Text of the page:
ANIMAL MUSIC ANI 037-2 CD (2013)
Championing the cause of every eye-glazing baby bore is the Czech pianist Beata Hlavenková, who eschews the new parent’s predilection for showering friends with hard drives of digital footage of (and Facebook invites from) their cabbage-like newborn, instead channelling the deep wellspring of maternal feeling into twelve compositions for piano that are as elegant as flowing water and vivacious as eager children as they follow the mood of the season from the gradual thaw of ‘Ianouarios’ to the twinkling cascades of darkening ‘Dekemvrios’. The months are those of the first year of her second son, Theodor Eli (meaning ‘God’s gift’) during which period – if the ears serve as adequate indicators – time took on a deep, new significance for her.
The set maintains the maternal mood of Hlavenková’s previous recording, Joy for Joel (for her first son), albeit from a solo perspective, though it leaves us all longing for a larger family. She demonstrates throughout, remarkable poise between exuberance and introspection, technical virtuosity and stylistic simplicity, conservatory and spontaneity, the pieces showcasing her exquisite timing, delicacy and command of the keys in myriad styles from minimalism to Debussy-esque impressionism with touches of jazz among the many details revealed with each listen. Housed in a handsome calendar with images of extracted piano parts, the album’s context is complete and compelling, and nothing is overdone in deed or sentiment, making it safe to conclude that Hlavenková’s gift is our gift also.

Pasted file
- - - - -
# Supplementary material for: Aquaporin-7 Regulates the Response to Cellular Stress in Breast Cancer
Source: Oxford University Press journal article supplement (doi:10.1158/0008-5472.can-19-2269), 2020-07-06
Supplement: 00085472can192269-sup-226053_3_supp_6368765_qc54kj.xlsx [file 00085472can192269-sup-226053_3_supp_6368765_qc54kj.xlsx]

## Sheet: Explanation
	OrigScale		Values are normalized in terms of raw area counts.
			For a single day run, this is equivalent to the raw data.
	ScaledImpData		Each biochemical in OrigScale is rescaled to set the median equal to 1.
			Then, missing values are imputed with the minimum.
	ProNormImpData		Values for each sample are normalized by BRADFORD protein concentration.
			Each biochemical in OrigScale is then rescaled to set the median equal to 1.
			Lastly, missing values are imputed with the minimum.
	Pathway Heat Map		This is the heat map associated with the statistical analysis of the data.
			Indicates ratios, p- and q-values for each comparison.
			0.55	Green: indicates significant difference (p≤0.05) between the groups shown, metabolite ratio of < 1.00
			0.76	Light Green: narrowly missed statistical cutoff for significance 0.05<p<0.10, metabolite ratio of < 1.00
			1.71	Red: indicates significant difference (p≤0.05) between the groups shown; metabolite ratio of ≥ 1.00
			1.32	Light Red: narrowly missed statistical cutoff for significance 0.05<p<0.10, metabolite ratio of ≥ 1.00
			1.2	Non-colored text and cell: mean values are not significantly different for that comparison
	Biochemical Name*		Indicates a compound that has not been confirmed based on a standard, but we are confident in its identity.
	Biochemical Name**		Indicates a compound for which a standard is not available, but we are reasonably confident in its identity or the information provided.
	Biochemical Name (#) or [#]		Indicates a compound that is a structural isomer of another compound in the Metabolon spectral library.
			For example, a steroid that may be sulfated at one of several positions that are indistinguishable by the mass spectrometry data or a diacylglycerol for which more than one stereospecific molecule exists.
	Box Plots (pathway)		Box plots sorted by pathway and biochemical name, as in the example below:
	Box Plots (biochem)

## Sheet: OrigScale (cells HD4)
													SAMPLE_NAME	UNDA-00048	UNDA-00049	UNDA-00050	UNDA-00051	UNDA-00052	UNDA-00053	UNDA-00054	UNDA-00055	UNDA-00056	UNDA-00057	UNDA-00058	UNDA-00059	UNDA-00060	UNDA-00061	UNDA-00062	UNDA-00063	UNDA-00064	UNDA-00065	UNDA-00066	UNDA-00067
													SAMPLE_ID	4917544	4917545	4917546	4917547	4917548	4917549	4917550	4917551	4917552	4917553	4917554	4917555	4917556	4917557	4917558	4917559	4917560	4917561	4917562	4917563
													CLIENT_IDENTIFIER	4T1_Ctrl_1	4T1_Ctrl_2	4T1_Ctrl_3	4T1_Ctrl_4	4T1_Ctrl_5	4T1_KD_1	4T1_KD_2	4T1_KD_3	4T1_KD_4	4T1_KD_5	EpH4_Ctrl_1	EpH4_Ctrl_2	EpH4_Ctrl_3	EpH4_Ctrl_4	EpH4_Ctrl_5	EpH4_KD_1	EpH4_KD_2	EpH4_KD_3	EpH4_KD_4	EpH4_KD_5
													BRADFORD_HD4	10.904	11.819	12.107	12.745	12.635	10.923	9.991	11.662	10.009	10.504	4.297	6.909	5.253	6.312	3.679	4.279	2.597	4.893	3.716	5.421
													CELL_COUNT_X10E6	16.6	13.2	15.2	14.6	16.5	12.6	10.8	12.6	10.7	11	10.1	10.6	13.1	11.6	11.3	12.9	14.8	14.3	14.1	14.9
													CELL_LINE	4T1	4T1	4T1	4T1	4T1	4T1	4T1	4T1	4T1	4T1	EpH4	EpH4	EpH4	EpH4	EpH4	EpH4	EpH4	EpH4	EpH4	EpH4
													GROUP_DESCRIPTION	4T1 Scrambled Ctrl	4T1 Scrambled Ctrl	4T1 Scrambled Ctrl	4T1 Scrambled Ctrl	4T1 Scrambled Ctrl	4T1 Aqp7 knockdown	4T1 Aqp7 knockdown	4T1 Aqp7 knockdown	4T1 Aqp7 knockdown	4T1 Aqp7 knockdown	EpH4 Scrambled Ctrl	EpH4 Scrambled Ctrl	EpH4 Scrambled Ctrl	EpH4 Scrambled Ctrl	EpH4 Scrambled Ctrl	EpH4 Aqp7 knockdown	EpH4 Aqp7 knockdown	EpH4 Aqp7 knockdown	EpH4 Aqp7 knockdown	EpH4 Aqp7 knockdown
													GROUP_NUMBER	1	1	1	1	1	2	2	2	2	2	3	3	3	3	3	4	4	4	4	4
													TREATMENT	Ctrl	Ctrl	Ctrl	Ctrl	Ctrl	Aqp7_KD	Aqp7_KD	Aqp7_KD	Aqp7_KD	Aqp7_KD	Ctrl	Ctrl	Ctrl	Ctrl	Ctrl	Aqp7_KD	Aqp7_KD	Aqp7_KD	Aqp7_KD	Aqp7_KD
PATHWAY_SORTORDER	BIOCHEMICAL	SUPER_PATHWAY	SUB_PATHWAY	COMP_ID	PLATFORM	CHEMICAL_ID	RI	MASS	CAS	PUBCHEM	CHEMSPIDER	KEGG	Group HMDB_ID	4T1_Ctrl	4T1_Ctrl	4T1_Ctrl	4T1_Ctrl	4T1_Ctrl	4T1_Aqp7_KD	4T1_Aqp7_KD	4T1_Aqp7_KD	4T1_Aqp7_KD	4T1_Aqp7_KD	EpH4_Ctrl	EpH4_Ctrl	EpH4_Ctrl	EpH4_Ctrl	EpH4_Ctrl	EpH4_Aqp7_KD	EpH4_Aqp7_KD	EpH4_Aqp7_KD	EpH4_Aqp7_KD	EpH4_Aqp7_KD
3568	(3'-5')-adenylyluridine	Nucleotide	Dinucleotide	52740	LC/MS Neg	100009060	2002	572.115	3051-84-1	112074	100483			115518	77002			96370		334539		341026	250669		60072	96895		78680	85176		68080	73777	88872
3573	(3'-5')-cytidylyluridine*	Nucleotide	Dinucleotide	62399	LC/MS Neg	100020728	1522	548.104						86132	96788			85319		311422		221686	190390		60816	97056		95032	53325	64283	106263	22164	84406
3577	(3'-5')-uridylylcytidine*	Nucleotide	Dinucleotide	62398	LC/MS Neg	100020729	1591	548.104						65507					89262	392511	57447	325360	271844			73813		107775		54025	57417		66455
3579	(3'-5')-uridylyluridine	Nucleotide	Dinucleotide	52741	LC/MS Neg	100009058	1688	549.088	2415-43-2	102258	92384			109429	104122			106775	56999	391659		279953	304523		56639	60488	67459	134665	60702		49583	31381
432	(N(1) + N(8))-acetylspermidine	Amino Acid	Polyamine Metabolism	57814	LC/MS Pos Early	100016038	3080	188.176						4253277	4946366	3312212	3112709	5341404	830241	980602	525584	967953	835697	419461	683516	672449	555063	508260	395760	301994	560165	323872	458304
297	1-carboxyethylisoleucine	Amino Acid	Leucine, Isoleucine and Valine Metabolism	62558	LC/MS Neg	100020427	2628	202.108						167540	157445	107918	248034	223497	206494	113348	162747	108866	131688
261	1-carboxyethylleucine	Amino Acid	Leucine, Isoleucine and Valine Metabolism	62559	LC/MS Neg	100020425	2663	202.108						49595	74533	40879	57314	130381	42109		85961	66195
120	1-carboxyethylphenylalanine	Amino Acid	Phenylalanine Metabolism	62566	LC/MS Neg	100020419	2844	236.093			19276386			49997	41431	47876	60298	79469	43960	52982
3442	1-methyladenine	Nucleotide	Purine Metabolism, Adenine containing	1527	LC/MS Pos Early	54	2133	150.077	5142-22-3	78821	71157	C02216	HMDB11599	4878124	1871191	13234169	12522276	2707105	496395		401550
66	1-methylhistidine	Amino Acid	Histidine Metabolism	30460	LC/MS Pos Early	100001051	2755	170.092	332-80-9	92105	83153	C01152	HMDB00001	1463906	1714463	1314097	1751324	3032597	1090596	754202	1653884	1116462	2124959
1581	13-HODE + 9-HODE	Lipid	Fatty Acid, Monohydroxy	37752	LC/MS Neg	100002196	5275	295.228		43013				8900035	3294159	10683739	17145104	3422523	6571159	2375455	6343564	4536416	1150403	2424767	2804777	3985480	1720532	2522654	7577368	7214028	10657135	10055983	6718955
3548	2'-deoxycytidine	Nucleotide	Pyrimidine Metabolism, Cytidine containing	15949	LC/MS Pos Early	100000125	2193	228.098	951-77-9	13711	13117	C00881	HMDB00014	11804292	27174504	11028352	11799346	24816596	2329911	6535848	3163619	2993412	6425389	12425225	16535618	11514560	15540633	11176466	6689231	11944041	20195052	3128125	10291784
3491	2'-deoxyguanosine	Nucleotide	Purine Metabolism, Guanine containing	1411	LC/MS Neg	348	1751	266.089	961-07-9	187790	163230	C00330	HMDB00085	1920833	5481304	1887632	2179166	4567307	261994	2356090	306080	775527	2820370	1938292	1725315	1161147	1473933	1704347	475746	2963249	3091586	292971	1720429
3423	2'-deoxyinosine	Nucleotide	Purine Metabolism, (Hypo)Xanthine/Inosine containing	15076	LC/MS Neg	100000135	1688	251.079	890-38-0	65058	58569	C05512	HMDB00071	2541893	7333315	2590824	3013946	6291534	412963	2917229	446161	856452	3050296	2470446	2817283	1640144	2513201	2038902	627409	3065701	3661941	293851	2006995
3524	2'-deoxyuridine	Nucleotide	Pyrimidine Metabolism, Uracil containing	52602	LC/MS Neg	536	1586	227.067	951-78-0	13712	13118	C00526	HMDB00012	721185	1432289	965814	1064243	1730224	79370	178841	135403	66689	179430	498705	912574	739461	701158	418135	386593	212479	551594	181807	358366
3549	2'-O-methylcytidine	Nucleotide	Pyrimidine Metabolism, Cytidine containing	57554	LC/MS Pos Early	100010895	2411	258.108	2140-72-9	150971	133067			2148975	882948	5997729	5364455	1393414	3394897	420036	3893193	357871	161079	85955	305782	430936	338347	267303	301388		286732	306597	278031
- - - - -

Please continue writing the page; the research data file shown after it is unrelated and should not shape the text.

AD21 NO NUMBER CD (2014)
A serene and sumptuous set of piano meditations with occasional cello/violin pairings that breathe and echo into a nocturne of muted warmth, reminding us of dark and dimly familiar habitations. Composer Bruno Sanfilippo keeps foot on the sustain pedal as his fingers contemplate every hanging note to the perimeter of its existence in time and space, making equally adroit use of empty space and the careful manipulation of note and timbre in a manner not unlike Harold Budd’s, though perhaps with a degree more involvement during such inquisitive flurries as in ‘Aquarelle Sur Papier’.
It’s an impressive transition into analogue composition from the more electronic/electroacoustic work for which Sanfilippo is better known, and it seems to occasion from a deeply personal location that remains nameless, but longs for times past: a sentiment fed by titles such as ‘Absenta’ and ‘Day by Day’ and their corresponding air of revelling in fond memories. The portmanteau title ClarOscuro weds ‘dark’ and ‘light’ into a setting of familiar interaction between these polar aspects, as easy as that communicated by musicians Manuel del Fresno (cello) and Pere Bardagi (violin) during the instrumental dialogues that surface between Sanfilippo’s solo statements. It is to the composer’s credit that he avoids any temptation to descend into merely maudlin winter melancholia – perhaps a result of living in Barcelona and not Kracow – and in doing so bequeaths us nine captivating pieces that we can return to comfortably as our days and months narrow.